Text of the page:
For a qualified small-business owner, a home office deduction can result in significant annual tax savings. But there’s a new twist on 2013 returns: A taxpayer may use a simplified method for deducting home office expenses, although this is not always the best choice.
Background: To qualify, you must use the office regularly and exclusively as your principal place of business or a place where you meet or deal with customers, clients or patients in the normal course of business. If you are an employee of a company, you must use the home office for the convenience of your employer.
For instance, if you are self-employed and you run your business from home, you will generally qualify for home office deductions. But if you merely bring work home from your office on weekends, you are not likely to realize any tax benefits.
Traditional method: Normally, a home office deduction includes direct expenses attributable to the office, plus a proportionate share of indirect expenses such as mortgage interest, property taxes, utilities, repairs and insurance. (Caveat: Mortgage interest and property taxes are generally tax-deductible anyway.) The deduction available for indirect expenses is based on the percentage of your home used for business purposes. Also, you may be entitled to a depreciation deduction for the part of the home used as an office.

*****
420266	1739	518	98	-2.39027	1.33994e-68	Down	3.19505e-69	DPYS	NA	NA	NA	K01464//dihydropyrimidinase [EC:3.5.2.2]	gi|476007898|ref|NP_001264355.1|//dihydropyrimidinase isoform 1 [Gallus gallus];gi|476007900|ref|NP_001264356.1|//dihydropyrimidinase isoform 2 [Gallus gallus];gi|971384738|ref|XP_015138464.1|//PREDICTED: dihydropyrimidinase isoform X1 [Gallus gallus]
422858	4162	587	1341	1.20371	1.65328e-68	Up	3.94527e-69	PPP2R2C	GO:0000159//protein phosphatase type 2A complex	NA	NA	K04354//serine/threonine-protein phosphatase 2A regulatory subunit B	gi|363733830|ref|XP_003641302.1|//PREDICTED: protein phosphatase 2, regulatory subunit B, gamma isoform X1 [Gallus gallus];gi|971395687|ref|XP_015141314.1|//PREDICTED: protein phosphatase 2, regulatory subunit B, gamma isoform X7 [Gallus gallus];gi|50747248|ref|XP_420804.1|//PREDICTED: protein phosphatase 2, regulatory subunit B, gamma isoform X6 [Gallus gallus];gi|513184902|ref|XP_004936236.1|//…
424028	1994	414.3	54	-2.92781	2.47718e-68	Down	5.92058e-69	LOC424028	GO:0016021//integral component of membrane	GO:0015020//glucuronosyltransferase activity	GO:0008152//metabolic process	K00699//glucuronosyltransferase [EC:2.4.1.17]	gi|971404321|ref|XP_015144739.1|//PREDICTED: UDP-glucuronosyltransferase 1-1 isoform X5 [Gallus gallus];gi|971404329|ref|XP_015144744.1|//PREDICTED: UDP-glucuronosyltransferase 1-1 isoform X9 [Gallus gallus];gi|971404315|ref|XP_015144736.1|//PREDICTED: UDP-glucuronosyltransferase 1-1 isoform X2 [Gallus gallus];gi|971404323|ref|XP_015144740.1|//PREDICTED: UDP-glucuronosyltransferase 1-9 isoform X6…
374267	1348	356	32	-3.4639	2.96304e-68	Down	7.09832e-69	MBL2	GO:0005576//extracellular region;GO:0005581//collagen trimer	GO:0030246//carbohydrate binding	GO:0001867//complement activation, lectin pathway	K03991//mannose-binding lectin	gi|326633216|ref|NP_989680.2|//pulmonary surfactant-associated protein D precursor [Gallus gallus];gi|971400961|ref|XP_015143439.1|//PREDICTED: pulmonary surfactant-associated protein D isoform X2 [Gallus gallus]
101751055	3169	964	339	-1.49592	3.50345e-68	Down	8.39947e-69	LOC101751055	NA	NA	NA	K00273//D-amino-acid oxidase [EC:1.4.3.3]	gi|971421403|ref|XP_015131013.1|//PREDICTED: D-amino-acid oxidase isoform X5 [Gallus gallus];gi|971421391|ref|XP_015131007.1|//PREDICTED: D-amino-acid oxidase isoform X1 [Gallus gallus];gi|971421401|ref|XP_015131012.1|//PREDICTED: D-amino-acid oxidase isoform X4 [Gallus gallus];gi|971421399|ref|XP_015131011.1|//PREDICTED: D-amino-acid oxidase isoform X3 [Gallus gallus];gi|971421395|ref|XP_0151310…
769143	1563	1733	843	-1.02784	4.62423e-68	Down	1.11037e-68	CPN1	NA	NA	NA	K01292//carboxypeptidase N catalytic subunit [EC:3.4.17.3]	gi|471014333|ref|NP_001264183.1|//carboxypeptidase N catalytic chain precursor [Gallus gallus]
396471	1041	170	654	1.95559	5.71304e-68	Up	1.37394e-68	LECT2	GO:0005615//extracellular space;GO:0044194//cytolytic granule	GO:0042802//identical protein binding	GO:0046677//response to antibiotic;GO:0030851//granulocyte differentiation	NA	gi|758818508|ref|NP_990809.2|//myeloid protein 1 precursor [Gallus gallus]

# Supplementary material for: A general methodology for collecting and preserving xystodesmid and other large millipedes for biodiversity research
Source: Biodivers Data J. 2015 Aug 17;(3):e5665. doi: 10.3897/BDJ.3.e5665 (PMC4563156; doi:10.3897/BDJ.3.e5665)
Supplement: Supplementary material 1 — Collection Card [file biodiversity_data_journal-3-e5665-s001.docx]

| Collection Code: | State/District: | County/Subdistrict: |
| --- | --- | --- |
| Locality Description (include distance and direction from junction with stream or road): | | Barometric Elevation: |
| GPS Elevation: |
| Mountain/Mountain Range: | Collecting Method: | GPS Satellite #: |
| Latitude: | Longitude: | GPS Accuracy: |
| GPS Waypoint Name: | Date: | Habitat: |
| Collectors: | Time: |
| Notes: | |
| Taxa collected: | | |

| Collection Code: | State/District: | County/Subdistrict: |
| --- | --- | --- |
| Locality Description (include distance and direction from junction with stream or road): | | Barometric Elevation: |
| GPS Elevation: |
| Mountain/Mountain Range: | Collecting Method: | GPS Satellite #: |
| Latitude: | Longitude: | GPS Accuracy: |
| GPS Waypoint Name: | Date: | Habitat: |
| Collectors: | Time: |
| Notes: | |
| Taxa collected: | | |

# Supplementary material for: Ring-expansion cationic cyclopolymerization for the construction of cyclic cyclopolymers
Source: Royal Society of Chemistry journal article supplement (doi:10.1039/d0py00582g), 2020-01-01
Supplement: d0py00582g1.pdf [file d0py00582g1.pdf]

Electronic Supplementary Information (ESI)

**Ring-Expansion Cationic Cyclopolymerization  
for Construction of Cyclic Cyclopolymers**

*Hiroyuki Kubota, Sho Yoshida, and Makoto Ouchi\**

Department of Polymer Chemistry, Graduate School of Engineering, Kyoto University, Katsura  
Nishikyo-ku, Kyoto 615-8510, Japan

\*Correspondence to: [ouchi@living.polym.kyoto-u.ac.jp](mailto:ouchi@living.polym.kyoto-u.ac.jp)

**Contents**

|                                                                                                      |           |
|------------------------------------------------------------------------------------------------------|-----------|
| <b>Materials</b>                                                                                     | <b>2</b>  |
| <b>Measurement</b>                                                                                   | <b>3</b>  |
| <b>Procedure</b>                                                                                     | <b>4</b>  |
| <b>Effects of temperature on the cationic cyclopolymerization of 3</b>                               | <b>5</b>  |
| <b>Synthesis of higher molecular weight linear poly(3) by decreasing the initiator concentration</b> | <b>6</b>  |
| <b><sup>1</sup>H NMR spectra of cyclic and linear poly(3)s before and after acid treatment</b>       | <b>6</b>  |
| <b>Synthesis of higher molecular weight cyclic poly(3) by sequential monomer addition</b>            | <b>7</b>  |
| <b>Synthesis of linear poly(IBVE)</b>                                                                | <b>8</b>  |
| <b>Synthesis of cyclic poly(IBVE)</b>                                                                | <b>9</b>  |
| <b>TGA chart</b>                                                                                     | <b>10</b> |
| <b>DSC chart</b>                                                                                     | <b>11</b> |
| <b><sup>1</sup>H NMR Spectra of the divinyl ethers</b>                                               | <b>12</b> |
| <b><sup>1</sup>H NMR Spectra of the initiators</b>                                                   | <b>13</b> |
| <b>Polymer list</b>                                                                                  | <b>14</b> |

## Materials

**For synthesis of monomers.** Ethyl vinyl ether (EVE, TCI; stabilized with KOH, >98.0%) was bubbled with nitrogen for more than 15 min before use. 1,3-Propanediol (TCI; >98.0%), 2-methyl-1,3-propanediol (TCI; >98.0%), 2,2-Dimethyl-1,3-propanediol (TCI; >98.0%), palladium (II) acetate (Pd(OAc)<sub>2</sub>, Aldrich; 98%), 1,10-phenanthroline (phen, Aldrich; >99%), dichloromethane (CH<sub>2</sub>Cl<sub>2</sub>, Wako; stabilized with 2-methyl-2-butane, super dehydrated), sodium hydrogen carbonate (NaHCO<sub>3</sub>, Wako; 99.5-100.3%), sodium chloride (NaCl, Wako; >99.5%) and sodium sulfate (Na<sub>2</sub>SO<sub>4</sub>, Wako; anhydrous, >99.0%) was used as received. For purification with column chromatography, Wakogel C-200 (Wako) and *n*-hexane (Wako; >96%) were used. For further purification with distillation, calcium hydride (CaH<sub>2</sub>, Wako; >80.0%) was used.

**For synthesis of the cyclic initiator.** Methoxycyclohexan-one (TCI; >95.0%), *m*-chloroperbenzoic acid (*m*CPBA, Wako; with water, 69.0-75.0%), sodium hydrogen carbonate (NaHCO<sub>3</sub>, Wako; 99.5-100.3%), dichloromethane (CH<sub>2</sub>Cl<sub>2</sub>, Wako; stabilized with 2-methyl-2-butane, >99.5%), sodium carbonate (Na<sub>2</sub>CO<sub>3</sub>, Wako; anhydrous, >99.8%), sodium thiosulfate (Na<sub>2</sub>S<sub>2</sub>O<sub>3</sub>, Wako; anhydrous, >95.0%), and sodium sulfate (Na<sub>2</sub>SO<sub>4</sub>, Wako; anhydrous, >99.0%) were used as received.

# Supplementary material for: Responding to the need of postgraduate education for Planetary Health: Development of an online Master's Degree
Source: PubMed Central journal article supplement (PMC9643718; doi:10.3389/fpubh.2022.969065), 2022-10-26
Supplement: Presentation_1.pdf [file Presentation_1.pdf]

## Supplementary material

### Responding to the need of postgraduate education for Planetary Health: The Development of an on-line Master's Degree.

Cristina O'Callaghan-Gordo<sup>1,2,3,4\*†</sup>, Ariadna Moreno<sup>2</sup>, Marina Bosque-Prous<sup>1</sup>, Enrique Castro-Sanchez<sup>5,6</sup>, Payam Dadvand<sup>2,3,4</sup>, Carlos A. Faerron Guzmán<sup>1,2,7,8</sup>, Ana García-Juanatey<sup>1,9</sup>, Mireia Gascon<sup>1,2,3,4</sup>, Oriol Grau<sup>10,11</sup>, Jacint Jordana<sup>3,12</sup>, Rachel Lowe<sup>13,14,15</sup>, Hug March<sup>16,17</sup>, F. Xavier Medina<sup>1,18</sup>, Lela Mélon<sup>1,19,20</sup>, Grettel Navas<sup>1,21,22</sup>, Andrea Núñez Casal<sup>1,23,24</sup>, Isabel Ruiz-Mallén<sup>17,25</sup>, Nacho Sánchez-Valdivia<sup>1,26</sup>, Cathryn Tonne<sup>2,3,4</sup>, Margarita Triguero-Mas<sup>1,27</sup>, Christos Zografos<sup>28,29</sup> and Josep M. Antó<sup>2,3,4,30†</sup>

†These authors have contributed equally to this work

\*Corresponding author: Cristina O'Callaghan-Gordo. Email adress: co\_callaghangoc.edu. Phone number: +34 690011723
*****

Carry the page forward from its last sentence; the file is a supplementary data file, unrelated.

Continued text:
However, this method requires you to keep detailed records of expenses. Beginning with the 2013 tax return due by April 15, 2014, the IRS is offering a streamlined option.
Simplified method: All you have to do is figure out the square footage of your home used as an office. Then, you can deduct $5 per square foot, up to a maximum of $1,500.
Nevertheless, when you compare these two methods, the traditional method may produce a bigger deduction. If you have the necessary records, you might bypass the simplified method.
Hypothetical example: Gina, a self-employed taxpayer, uses a home office as the principal place of her business. The home is 3,000 square feet and the home office is 300 square feet, or 10% of the home. Let’s say that Gina has $2,000 in direct home office expenses plus indirect expenses—including utilities, insurance and repairs—of $10,000 for the year (disregarding mortgage interest and property taxes that would otherwise be deductible). Under the IRS table, Gina is also entitled to a $400 depreciation allowance.
On these facts, Gina can deduct $2,000 in direct expenses, $1,000 in indirect expenses and $400 in depreciation, for a total of $3,400. With the simplified method, her deduction is limited to $1,500, less than half of the total with the traditional method.
Be aware that you may switch between the traditional and simplified methods year-to-year. You are not locked into either method.
Do not make any costly assumptions or rash decisions. Compare the deduction available with each method to see which way you come out ahead. Note that a taxpayer cannot switch methods on an amended return.